The Episcopal Church's House of Bishops voted overwhelmingly to approve the "Called to Common Mission" agreement that will more closely link the church with the nation's largest Lutheran body.
The accord awaits the approval, likely Saturday, of the 832-member House ofDelegates--comprised of lay and clergy members--and faces a handfulof minor procedural votes before it becomes official on Jan. 1, 2001.
Episcopalians are meeting here through July 15 for their triennialGeneral Convention policy-setting meeting. The church has about 2.5million members in the United States, compared with 5.2 million members ofthe Evangelical Lutheran Church in America.
The Episcopal convention was also considering whether the preference given to heterosexuals at the expense of gays and lesbians should be classified as a "sin," along with adultery and taking God's name in vain.
The church is debating a resolution that decries the "sin of heterosexism" and asks for guidance on how to grant both homosexuals and heterosexuals equal footing in the church.
If approved, the church would be the first major Christian denomination to classify heterosexism a sin. Almost every Christian body is polarized by theissue of homosexuality and the role of gays and lesbians in the church,but few are willing to admit they are guilty of favoring heterosexualsover gays and lesbians.
The heterosexism measure now faces a vote by the church's House ofDeputies, made up of close to 1,000 lay members and priests. If approvedthere, the measure will go to the 200-member House of Bishops. Thechurch would revisit the issue in 2003.
While sweeping in its theological implications, the measure is alsoparticularly significant as the church prepares to debate whether tocreate special services to bless same-sex unions. Currently, thatdecision is left up to local bishops and dioceses, and a church reportlargely recommends maintaining the status quo. Changes to the report,however, could be made by the end of next week.
Meanwhile, the agreement with the ELCA--while stopping far short of an outright merger--will allow both churches to combine resources in rural and poor urban areas that have been hit hard by a shortage of clergy. The agreement alsomarks the latest in an ongoing series of historic ecumenical accordsbetween Christian churches.
"Unless the church is ecumenically present, it runs the risk of notbeing present at all," said Bishop Carolyn Irish of Utah.
The proposal, however, is not without its critics in both theEpiscopal and Lutheran churches. The original agreement, drafted by ajoint Episcopal-Lutheran team in 1991, was approved by the EpiscopalChurch in 1997. But several weeks later, the Lutherans turned it down.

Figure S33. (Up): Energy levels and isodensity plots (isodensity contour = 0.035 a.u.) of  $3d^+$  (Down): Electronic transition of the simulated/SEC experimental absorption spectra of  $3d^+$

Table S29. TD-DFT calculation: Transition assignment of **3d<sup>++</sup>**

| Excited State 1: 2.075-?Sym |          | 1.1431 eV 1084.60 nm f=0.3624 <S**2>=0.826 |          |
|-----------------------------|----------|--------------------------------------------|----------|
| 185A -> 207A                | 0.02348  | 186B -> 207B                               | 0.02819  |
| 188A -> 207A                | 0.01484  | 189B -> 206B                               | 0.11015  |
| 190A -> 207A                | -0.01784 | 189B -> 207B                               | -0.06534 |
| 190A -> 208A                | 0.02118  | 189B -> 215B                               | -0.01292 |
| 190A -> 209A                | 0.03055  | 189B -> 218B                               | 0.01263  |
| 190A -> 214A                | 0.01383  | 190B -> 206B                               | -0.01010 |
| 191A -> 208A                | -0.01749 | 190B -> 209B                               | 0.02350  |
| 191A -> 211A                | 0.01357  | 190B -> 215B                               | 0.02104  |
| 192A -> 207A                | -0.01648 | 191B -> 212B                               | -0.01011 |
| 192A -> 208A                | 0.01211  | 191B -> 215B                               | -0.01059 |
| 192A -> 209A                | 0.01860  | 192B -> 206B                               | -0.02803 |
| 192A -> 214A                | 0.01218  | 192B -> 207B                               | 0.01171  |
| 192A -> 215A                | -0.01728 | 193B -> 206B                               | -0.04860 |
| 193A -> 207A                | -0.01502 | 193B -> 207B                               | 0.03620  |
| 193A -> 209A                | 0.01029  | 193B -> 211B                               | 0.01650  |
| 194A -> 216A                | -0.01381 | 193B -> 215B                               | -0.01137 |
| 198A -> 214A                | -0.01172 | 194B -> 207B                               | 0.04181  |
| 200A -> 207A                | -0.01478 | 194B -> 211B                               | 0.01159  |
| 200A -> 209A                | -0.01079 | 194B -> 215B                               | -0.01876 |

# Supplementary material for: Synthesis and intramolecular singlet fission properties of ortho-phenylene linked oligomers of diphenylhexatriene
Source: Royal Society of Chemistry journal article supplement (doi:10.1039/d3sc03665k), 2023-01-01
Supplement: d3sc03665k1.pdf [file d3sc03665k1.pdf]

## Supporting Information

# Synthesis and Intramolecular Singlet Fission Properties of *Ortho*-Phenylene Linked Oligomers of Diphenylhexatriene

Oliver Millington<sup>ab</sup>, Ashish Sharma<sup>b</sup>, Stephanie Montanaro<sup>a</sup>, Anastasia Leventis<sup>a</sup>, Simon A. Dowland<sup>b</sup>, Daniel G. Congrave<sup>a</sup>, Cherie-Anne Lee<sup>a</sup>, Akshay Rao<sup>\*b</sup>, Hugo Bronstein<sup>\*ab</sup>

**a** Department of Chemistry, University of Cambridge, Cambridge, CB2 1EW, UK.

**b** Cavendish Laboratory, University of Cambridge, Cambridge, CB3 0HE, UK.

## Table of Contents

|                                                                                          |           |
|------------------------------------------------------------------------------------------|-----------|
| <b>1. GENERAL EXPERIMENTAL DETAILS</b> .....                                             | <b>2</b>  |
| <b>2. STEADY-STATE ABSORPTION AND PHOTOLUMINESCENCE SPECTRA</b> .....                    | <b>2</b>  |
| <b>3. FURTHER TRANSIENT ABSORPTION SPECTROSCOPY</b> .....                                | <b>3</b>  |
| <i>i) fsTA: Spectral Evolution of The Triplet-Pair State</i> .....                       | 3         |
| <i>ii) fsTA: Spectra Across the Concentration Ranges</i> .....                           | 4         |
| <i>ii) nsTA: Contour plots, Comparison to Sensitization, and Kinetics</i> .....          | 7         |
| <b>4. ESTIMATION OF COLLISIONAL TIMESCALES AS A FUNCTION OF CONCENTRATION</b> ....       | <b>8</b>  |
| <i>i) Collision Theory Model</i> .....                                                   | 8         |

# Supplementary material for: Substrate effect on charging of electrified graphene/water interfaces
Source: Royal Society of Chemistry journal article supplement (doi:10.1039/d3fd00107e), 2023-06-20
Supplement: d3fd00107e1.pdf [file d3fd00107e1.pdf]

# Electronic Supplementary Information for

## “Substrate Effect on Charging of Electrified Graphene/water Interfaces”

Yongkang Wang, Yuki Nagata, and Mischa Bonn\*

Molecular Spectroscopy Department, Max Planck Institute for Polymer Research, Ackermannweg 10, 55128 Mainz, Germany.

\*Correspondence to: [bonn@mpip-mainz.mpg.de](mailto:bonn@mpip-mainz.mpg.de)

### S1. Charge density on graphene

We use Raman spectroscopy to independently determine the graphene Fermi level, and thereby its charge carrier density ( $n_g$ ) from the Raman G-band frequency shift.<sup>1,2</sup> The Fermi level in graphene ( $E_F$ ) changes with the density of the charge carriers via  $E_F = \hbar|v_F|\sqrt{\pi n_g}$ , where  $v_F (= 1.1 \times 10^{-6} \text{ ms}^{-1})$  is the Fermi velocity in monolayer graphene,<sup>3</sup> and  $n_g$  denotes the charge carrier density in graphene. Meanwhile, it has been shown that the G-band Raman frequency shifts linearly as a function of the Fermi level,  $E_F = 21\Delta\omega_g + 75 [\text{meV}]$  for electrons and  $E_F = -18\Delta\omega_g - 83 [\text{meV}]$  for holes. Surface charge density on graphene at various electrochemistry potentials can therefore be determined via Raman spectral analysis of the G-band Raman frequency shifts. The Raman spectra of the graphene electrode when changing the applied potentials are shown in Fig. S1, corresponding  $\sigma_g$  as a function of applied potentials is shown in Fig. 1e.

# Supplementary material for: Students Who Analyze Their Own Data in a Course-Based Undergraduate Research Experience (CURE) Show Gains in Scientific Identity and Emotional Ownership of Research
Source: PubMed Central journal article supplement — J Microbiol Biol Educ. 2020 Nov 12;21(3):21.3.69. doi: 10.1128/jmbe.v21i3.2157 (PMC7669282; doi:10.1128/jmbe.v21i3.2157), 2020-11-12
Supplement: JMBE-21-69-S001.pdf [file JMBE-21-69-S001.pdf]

The central disagreement is a provision that calls for Lutherans toadopt the historic succession of bishops used by Episcopalians. It wouldrequire bishops--and not simply pastors--to be present at allordinations in both churches.
Lutherans reworked the document--saying only bishops would"regularly" ordain new clergy--and approved it last year at theirChurchwide Assembly. The church then sent it to the Episcopalians for avote this week.
Some Episcopalians say the Lutherans have not wholeheartedlyendorsed the historic episcopate, and indeed about 30% of theELCA's 65 synods have asked for leeway or exemptions in the requirementof bishops at ordinations. Still, the ELCA's hierarchy has said flatlyit will enforce the new policy.
While only a handful of Episcopal bishops opposed the agreement,critics said there still is not enough agreement between the twochurches on ordination.
"If we were involved in premarital counseling between a couple likethis, what would we say?" asked retired Bishop Donald Parsons of Quincy,Ill. "Responsibly, we would say, `You need to wait a while and talk alittle more until you know what each other's intentions are.'"
The Rt. Rev. Frank Griswold, the presiding bishop of the EpiscopalChurch, said both churches have gifts to offer each other. Griswold saidthe Lutherans would eventually "embrace" the succession of bishops, andEpiscopalians could benefit from "the clarity of thought withinLutheranism that is different from the diffuse way Episcopalians dotheir thinking."
In many ways, the agreement simply codifies already existinginformal local agreements between the two churches. The accord wouldaffect local clergy like the Rev. Ray Grieb, a retired Episcopal priestwho shepherds a small Episcopal church and a larger Lutheran church incentral Nebraska.